Cold hands and exam tables. Those awful paper gowns that tear the second you move or shift position. The annual trip to the gyno is no woman’s favorite event of the year, but it is crucial to protecting long-term health and quality of life.
As unpleasant as this experience might be, it helps to know what to expect. So, you might be interested to learn that many gynecologists are no longer performing breast exams as part of their regular routine. Read on to learn why this long-standing policy has changed and what you can do to protect your health moving forward.
For years, women were encouraged to see their doctors for annual breast exams and conduct regular self exams at home. This process involves you or the doctor moving hands in a circular or linear direction, searching for lumps or other irregularities in the breast tissue. Additionally, a breast exam is designed to assess:
A breast exam should not be painful and may help improve women’s peace of mind. However, in recent years, doctors have begun to wonder whether this test is truly a reliable indicator of breast health.
Research suggests that women who perform breast self exams may have the same risk of developing and dying from breast cancer as those who do not undergo testing. According to an article published in the Atlantic, multiple studies have shown that women who perform self exams find more benign growths, and that the removal of them yields additional risk. Also, women who neglect to perform these exams often feel bad about themselves. In light of these findings, the Susan G. Komen group and other breast cancer research organizations have ceased recommending breast self-exams, and some doctors have started to adjust their practices as well.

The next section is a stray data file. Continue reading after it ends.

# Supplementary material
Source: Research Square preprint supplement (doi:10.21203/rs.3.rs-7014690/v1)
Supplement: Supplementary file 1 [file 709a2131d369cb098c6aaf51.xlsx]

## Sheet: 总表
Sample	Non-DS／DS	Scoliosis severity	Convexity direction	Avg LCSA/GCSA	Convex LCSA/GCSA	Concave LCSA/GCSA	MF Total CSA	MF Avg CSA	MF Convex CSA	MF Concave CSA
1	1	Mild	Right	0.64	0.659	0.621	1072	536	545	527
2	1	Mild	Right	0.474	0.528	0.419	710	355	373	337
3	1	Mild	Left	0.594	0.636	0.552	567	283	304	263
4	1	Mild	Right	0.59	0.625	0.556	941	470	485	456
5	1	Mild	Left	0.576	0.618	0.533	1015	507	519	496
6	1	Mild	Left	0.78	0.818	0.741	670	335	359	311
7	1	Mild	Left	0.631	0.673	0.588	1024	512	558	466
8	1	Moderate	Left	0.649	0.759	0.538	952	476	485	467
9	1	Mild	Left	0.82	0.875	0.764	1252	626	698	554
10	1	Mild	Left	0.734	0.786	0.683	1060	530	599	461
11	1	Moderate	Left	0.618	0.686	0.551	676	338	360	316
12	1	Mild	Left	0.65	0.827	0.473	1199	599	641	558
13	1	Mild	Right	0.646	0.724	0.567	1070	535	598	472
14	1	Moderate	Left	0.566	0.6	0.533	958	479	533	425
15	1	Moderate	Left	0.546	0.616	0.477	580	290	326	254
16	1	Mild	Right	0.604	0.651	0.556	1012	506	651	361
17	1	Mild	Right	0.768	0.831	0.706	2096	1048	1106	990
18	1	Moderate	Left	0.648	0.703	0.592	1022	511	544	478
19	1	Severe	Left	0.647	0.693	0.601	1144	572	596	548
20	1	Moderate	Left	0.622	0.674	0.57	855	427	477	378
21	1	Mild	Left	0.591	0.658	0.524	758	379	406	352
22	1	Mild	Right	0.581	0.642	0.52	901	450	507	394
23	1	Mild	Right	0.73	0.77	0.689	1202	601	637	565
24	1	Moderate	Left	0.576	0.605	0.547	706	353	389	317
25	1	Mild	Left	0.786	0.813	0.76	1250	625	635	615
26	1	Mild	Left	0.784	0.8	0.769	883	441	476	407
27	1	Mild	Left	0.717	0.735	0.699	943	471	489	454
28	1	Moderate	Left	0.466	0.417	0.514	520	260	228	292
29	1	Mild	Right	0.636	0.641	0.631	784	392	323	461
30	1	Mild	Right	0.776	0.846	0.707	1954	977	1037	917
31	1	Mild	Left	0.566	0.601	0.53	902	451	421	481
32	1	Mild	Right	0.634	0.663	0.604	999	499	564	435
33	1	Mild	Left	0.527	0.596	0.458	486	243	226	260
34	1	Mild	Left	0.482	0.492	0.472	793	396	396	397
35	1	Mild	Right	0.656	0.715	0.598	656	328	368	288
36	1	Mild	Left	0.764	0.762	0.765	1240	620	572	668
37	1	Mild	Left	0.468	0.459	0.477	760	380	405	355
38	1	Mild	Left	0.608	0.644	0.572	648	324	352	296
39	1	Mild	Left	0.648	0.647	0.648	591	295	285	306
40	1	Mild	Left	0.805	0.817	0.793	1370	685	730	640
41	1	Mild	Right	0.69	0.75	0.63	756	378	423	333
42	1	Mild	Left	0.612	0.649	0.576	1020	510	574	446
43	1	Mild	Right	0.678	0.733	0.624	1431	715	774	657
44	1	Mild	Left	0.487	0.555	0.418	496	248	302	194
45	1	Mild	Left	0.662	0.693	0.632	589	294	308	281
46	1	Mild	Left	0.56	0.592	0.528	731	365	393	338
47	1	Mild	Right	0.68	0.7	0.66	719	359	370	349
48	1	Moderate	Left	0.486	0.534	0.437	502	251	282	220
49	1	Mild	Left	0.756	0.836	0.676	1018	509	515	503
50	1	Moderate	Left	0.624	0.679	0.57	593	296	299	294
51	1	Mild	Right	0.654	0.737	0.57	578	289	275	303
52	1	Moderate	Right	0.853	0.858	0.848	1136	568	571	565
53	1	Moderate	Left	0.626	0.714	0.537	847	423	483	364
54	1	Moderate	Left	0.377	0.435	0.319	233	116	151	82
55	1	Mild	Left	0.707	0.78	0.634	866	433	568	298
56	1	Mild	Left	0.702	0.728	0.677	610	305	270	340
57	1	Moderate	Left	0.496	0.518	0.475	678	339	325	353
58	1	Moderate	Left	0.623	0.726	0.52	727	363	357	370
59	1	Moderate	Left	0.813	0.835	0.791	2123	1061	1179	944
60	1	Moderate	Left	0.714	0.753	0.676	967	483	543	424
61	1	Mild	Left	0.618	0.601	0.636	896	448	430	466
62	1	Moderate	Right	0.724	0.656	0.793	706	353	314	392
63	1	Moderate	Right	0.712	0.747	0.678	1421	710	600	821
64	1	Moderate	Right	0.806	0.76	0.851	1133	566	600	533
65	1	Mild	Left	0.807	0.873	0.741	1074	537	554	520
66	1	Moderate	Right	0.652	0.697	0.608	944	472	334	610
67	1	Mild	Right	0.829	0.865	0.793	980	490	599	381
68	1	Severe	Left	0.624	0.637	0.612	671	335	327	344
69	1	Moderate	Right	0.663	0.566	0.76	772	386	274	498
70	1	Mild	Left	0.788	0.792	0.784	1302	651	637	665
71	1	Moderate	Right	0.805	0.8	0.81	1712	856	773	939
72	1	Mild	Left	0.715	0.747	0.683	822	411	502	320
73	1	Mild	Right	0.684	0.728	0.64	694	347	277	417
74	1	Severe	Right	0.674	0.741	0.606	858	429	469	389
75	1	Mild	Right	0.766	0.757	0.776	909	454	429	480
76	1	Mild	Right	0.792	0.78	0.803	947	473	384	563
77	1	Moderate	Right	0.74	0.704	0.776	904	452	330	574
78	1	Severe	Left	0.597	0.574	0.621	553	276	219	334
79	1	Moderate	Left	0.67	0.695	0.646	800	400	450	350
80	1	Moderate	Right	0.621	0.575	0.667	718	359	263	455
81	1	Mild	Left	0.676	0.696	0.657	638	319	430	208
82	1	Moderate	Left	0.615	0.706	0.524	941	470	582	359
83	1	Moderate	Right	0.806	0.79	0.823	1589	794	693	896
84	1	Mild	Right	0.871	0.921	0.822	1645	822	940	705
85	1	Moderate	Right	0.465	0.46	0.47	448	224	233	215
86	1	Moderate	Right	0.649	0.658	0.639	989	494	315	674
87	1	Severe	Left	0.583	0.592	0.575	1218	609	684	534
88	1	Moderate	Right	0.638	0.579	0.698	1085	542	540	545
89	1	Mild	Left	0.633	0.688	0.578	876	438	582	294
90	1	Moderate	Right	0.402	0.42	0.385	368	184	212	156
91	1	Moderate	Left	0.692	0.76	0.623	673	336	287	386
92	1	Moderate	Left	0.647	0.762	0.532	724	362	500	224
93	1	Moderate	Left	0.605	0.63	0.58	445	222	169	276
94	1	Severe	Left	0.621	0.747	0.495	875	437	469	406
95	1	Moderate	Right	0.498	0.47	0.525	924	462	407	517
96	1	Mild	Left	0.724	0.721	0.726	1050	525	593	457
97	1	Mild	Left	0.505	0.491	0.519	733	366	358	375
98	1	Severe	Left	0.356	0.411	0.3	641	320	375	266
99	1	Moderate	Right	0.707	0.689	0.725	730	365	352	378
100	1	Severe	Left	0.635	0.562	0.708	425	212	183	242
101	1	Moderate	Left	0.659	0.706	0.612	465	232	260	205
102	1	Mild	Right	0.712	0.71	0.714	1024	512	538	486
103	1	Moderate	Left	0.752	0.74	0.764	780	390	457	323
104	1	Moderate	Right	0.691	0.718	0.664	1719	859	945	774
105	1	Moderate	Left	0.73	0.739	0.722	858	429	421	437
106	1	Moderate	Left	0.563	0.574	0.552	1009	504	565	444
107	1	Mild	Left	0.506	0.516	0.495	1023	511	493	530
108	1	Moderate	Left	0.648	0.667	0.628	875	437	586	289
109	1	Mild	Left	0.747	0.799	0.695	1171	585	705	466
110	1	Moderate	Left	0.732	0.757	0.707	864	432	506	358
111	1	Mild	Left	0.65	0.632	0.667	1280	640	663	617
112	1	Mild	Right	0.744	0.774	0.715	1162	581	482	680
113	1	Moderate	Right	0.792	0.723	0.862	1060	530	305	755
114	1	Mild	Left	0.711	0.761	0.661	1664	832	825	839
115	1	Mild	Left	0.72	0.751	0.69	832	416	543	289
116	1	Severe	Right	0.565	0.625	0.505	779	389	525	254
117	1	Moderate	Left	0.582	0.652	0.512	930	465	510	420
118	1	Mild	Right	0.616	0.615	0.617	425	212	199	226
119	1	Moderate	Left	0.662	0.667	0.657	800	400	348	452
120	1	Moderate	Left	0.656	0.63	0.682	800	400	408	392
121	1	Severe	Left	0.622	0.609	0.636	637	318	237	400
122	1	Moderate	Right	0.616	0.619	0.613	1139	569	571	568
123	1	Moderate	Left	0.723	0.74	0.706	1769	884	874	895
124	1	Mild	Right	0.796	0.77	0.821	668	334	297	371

While women might not be performing self exams, they and not their doctors are often the ones to detect breast tumors and irregularities. This detection generally occurs during normal activities such as showering, dressing, or having sex. While it’s important to have a doctor evaluate any abnormal lumps or bumps in breast tissue, finding one isn’t necessarily cause for concern. According to Breastcancer.org, most women have some lumpy breast tissue. Moreover, just 20% of American women who have a breast biopsy are found to have cancer.
Whether you find a lump or your doctor does, the important thing is not to jump to conclusions. And if your doctor doesn’t perform a breast exam and you would like one, don’t hesitate to ask. Additionally, you should talk to your doctor about when to start undergoing mammograms and breast ultrasounds if your breasts are especially dense. According to the American Cancer Society, women ages 40 to 44 should be given the option to start breast cancer screening mammograms. Be an advocate for yourself and protect your health in the coming years.